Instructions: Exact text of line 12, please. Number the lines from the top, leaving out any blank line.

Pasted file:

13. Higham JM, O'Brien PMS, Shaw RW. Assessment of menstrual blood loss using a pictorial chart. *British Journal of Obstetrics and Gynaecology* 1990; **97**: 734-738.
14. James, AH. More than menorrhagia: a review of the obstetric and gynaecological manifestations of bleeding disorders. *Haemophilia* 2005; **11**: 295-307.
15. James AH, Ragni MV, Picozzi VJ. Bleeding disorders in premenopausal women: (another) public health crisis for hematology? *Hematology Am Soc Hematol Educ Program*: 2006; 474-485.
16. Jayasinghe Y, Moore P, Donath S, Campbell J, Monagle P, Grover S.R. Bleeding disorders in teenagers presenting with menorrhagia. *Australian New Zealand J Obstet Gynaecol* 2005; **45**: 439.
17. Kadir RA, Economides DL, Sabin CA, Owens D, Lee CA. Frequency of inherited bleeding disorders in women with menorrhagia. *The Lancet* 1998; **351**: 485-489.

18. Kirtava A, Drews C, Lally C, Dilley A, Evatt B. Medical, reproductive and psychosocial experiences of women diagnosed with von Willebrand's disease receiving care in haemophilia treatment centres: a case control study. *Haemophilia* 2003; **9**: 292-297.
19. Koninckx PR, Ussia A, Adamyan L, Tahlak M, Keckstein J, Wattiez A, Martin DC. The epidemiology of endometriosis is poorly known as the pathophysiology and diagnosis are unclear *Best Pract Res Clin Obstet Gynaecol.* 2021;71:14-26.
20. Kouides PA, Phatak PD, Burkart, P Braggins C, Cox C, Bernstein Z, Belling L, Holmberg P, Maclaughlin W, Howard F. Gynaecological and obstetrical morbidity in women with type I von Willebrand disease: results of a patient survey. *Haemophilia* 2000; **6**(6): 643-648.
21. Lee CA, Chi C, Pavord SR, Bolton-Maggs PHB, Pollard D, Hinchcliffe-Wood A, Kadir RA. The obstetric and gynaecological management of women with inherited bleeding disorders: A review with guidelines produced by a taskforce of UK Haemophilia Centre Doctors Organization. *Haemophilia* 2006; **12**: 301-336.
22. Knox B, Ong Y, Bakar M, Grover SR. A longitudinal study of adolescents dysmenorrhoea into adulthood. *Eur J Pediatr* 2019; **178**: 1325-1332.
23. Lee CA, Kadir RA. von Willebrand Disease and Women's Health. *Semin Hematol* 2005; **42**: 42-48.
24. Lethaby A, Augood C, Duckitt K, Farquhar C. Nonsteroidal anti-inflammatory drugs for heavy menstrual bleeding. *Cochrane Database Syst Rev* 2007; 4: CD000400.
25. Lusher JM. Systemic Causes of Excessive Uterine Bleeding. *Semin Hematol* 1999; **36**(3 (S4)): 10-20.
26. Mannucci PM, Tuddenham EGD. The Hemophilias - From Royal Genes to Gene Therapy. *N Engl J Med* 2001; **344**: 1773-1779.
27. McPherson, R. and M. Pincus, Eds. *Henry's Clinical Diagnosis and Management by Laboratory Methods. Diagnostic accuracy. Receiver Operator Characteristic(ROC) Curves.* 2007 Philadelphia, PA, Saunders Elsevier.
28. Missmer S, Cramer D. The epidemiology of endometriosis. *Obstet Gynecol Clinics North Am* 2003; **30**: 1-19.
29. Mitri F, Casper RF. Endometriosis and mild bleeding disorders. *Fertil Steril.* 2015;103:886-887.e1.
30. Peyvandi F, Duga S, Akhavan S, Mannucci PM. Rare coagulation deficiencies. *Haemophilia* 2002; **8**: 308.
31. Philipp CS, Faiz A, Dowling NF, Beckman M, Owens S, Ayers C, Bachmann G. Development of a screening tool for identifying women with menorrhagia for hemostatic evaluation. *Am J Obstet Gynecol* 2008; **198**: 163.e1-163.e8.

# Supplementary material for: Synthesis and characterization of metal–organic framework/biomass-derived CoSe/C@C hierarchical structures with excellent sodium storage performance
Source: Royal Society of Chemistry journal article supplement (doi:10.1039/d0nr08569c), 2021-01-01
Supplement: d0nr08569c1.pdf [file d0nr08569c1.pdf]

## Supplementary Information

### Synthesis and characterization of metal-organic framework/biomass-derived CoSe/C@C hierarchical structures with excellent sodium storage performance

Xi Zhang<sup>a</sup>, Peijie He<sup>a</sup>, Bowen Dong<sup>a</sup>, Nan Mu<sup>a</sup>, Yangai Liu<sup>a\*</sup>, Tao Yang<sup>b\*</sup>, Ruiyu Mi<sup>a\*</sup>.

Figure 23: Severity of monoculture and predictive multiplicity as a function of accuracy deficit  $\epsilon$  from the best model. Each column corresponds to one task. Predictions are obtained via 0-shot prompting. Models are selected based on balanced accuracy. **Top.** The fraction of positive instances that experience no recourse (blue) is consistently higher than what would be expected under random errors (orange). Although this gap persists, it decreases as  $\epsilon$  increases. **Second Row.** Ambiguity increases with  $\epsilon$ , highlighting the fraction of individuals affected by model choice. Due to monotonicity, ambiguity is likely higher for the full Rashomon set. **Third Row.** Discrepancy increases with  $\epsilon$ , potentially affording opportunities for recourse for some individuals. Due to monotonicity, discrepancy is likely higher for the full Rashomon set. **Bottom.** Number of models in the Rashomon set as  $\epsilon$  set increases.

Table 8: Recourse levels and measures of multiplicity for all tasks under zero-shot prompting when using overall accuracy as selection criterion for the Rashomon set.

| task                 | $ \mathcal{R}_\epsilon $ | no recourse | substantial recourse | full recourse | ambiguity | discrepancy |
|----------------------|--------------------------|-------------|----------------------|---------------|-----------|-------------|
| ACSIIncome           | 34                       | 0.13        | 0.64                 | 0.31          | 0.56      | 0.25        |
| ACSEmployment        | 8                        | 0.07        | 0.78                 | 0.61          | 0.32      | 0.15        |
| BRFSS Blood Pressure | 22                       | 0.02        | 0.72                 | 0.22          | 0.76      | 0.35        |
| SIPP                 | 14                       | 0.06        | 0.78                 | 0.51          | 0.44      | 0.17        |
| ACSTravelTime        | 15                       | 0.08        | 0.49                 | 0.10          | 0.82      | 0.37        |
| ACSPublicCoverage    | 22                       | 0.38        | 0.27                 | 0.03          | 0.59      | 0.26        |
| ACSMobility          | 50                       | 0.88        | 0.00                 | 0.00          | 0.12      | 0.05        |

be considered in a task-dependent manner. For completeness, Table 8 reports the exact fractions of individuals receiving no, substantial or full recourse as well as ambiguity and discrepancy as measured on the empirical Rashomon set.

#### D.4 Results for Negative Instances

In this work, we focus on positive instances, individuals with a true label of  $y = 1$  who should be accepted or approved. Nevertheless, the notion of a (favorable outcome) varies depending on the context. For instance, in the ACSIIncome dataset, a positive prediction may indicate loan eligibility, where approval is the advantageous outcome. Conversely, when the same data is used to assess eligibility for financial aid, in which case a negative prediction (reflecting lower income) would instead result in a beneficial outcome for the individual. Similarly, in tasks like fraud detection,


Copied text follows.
24. Lethaby A, Augood C, Duckitt K, Farquhar C. Nonsteroidal anti-inflammatory drugs for heavy menstrual bleeding. *Cochrane Database Syst Rev* 2007; 4: CD000400.